Journal List > J Korean Med Sci > v.21(3) > 1020250

J Korean Med Sci. 2006 Jun;21(3):555-558. English.
Published online June 21, 2006.  https://doi.org/10.3346/jkms.2006.21.3.555
Copyright © 2006 The Korean Academy of Medical Sciences
Delayed Bronchostenosis After Blunt Chest Trauma in Children: CT and Pathologic Findings
Hye-Kyung Yoon, Tae Sung Kim, Joungho Han,* Kang Mo Ahn, and Young Mog Shim
Department of Radiology and Center for Imaging Science, Samsung Medical Center, Sungkyunkwan University School of Medicine, Seoul, Korea.
*Department of Pathology, Samsung Medical Center, Sungkyunkwan University School of Medicine, Seoul, Korea.
Department of Pediatrics, Samsung Medical Center, Sungkyunkwan University School of Medicine, Seoul, Korea.
Department of Thoracic and Cardiovascular Surgery, Samsung Medical Center, Sungkyunkwan University School of Medicine, Seoul, Korea.

Address for correspondence: Tae Sung Kim, M.D. Department of Radiology, Samsung Medical Center, Sungkyunkwan University School of Medicine, 50 Ilwon-dong, Gangnam-gu, Seoul 135-710, Korea. Tel: +82.2-3410-2518, Fax: +82.2-3410-2559, Email: tskim@smc.samsung.co.kr
Received April 28, 2005; Accepted June 17, 2005.

This is an Open Access article distributed under the terms of the Creative Commons Attribution Non-Commercial License (http://creativecommons.org/licenses/by-nc/3.0) which permits unrestricted non-commercial use, distribution, and reproduction in any medium, provided the original work is properly cited.


Abstract

Tracheobronchial disruption is an uncommon injury associated with blunt chest trauma. We report CT features and pathologic findings of two pediatric cases in which a bronchial injury was unnoticed initially but was diagnosed later by appearance of delayed bronchostenosis with distal atelectasis after blunt chest trauma in recent motor vehicle accidents. Pathologically, obliteration of the bronchial lumen was caused by dense fibrous overgrowth and granulation tissue.

Keywords: Bronchial Injuries; Wounds and Injuries; Computed Tomography; Trauma; Multiple Trauma

INTRODUCTION

Tracheobronchial disruption is an uncommon injury associated with blunt chest trauma (1). According to several articles dealing with radiologic findings of tracheobronchial rupture after blunt chest trauma (2-4), secondary findings of an air leak (pneumomediastinum, subcutaneous emphysema, and persistent pneumothorax despite suction drainage) can be critical hints for the diagnosis of a tracheobronchial rupture. However, these findings are nonspecific in polytraumatized patients, sometimes making an early diagnosis difficult (5, 6).

We report CT features and pathologic findings of two pediatric cases in which a bronchial injury was unnoticed initially but was diagnosed later by appearance of delayed bronchostenosis with distal atelectasis after blunt chest trauma in recent motor vehicle accidents.

CASE REPORTS

Case 1

A 7-yr-old boy was admitted to our hospital after a motor vehicle-pedestrian accident. Initial chest radiograph and chest CT scan obtained using a helical CT scanner (HiSpeed Advantage; General Electric Medical Systems, Milwaukee, WI, U.S.A.) on the first hospital day showed extensive pneumomediastinum associated with massive subcutaneous emphysema in the chest wall (Fig. 1A, B). Brain CT scan showed subdural and intracerebral hemorrhage with a skull fracture. Conservative management was done in the intensive care unit.


Fig. 1
7-yr-old boy with delayed bronchostenosis after recent blunt chest trauma. (A) Initial anteroposterior chest radiograph shows paramediastinal radiolucency suggestive of pneumomediastinum (arrowheads) and subcutaneous emphysema in bilateral lower neck areas (arrows). (B) Initial non-enhanced CT scan (7-mm-collimation) shows a large amount of pneumomediastinum and subcutaneous emphysema in the anterior chest wall (arrows). Note contusional soft tissue swelling in the right lateral chest wall (arrowhead). (C) Anteroposterior chest radiograph obtained ten days after A shows total collapse of the left lung. Note obliteration of an air bronchogram of the left main bronchus (arrows). (D) Contrast-enhanced CT scan (7-mm-collimation) five days after C (15 days after injury) shows complete luminal obliteration at the mid-portion of the left main bronchus (arrowheads) with distal collapse of the left lung. (E) Photomicrograph of pathologic specimen obtained from bronchial segmental resection and anastomosis 22 days after blunt chest trauma shows near-complete obliteration of the bronchial lumen by fibrous scar and granulation tissue, which seem to be secondary to recent transmural injury (H and E, ×10).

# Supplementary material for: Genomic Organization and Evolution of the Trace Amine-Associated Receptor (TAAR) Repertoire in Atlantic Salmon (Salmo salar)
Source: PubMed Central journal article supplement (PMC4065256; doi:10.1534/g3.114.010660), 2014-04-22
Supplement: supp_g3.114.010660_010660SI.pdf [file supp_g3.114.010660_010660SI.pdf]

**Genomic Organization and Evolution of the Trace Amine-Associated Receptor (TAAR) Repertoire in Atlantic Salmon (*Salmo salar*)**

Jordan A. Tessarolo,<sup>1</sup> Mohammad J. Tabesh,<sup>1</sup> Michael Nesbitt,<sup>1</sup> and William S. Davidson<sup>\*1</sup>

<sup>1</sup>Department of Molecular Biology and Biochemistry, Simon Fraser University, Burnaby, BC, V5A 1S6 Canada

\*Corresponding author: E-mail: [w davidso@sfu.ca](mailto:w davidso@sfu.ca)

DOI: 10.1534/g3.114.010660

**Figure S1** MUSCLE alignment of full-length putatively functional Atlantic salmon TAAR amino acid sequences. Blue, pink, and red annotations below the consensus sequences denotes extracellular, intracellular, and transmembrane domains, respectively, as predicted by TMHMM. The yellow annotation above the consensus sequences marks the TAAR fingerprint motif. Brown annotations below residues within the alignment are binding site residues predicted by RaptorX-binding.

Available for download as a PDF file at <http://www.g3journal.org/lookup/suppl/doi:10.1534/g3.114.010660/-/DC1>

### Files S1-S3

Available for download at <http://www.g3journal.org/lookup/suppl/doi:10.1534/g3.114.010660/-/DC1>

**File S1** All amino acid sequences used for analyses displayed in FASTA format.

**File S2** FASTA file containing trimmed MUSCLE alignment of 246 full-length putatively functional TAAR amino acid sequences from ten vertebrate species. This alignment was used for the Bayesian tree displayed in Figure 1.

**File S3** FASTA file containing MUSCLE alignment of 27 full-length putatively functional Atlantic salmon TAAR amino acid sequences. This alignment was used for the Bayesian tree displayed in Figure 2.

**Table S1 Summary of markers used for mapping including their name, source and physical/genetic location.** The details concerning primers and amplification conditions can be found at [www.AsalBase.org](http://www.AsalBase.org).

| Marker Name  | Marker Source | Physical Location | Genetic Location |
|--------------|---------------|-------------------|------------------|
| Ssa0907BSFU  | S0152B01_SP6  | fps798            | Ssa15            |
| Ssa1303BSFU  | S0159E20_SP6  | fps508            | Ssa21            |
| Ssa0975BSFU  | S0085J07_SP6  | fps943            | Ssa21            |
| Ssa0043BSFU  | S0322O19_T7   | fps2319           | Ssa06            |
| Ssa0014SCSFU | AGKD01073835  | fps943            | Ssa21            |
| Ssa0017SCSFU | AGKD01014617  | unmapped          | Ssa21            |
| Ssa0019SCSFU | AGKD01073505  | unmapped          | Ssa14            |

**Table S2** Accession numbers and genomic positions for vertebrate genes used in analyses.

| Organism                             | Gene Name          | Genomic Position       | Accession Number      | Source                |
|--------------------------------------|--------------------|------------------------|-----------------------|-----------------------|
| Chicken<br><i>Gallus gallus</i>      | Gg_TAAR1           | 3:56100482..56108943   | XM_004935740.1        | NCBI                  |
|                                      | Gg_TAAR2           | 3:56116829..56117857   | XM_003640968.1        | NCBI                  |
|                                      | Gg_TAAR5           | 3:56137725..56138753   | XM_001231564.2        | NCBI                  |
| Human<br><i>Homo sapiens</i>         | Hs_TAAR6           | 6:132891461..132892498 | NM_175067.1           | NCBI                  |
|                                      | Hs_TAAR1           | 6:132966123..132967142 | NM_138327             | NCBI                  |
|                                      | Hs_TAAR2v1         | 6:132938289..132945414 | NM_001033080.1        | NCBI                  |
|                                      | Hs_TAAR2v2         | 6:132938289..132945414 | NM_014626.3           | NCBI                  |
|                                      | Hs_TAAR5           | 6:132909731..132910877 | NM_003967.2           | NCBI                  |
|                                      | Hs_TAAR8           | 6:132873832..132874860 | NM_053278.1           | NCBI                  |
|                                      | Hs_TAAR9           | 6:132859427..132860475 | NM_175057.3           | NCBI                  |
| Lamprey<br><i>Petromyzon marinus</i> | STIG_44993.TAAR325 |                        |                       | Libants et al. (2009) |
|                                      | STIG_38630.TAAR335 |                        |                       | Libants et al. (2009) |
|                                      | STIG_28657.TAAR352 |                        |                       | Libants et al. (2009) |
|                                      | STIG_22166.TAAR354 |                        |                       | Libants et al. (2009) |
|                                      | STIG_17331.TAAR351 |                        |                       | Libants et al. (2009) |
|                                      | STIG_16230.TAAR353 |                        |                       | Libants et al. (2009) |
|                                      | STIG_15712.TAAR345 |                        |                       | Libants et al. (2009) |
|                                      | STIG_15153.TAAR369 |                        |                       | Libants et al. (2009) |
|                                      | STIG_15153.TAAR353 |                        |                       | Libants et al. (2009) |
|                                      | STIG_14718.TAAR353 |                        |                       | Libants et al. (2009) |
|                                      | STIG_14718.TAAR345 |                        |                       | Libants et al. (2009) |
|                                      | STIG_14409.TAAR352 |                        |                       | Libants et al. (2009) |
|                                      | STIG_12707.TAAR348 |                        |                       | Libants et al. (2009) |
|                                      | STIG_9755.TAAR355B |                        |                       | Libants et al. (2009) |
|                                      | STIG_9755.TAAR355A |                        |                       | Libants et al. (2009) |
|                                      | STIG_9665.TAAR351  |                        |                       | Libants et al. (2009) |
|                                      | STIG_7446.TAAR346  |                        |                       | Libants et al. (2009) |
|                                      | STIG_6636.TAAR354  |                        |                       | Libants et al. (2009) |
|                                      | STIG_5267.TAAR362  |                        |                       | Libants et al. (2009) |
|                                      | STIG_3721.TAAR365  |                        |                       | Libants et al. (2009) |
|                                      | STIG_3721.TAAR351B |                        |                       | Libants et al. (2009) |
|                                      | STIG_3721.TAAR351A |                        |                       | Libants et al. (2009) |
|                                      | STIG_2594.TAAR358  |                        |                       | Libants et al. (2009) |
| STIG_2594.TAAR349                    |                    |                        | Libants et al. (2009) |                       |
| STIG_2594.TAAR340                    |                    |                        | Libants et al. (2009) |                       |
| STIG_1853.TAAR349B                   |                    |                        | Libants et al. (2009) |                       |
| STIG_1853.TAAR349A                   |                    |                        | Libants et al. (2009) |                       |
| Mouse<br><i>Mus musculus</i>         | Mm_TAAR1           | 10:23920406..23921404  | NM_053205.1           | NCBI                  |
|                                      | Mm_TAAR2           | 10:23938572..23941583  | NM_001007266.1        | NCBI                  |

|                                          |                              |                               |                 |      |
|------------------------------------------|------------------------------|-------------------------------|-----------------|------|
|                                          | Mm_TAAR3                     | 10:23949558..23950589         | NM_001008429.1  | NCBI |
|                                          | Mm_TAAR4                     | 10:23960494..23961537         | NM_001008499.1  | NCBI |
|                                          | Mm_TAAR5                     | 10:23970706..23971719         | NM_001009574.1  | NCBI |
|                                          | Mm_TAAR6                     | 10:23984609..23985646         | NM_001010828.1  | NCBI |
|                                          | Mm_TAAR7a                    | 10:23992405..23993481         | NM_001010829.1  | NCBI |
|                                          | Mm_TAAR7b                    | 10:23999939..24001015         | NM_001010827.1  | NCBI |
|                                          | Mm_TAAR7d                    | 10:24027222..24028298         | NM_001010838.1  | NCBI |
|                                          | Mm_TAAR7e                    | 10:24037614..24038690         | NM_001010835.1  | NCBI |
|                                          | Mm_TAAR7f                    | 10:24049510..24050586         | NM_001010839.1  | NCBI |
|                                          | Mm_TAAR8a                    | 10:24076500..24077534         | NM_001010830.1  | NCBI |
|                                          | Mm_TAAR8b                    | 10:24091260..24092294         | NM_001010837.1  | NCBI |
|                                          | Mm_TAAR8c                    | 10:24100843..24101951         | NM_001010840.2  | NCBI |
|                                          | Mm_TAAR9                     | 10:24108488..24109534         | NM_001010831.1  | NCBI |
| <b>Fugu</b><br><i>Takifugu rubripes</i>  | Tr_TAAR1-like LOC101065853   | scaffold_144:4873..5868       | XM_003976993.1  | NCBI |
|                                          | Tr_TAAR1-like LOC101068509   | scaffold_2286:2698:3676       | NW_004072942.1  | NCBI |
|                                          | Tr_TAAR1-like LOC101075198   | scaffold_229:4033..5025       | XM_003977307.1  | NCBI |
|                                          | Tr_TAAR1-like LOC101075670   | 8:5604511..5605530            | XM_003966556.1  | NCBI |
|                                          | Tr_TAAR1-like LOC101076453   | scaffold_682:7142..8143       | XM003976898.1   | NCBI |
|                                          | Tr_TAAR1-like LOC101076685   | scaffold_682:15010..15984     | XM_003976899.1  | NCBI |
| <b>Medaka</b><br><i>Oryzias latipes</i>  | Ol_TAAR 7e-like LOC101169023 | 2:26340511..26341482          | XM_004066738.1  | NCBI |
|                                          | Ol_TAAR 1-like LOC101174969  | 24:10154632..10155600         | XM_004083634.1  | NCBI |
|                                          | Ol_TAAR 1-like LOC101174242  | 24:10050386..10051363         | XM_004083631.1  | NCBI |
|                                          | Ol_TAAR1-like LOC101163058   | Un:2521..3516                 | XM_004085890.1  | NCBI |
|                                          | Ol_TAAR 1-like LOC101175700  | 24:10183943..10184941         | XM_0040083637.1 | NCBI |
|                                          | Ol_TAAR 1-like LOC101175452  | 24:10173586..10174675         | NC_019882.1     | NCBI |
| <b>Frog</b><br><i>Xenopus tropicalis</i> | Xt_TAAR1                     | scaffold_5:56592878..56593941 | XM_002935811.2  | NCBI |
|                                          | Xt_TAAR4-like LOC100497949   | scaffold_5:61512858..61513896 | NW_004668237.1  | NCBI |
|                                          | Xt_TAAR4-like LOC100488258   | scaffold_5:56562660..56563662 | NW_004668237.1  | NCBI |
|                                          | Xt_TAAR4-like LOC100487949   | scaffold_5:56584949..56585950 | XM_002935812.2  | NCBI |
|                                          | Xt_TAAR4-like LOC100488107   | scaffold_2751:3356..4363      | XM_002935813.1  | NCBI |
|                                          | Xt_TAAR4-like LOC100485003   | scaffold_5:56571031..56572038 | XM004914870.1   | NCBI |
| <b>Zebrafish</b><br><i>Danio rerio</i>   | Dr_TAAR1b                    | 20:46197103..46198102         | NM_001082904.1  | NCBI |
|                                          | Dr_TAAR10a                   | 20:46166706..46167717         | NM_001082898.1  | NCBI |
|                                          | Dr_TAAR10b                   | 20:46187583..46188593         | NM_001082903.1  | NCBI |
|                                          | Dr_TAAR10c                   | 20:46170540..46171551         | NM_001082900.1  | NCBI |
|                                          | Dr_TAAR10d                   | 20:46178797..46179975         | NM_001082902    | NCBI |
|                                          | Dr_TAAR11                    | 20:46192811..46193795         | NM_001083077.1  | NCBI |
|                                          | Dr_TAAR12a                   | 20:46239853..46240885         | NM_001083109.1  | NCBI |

Click for larger image

Ten days later, follow-up anteroposterior chest radiograph showed total collapse of the left lung (Fig. 1C), which thereafter persisted for five days. Contrast-enhanced chest CT scan, which was performed in order to find out the cause of total collapse, revealed airway obliteration at the mid-portion of the left main bronchus with distal collapse (Fig. 1D). The previously noted pneumomediastinum and subcutaneous emphysema were no longer seen.

Total collapse of the left lung persisted at daily routine chest radiographs for six days more, and a bronchoscopic examination was performed, which also showed near-complete obstruction of the left main bronchus. The next day (the 22nd hospital day) we performed bronchial segmental resection and end-to-end anastomosis. At surgery, approximately 5-mm-long, stenotic segment was found at the mid-portion of the left main bronchus.

Pathologic specimen obtained from bronchial segmental resection showed obliteration of the bronchial lumen by fibrous scar and granulation tissue (Fig. 1E), which seemed to be secondary to recent transmural injury of the bronchus. The left lung was fully re-expanded after surgery, and the recovery was uneventful. Follow-up brain CT obtained on the 38th hospital day showed decreased amount of subdural hemorrhage and a cystic change of intracerebral hemorrhage.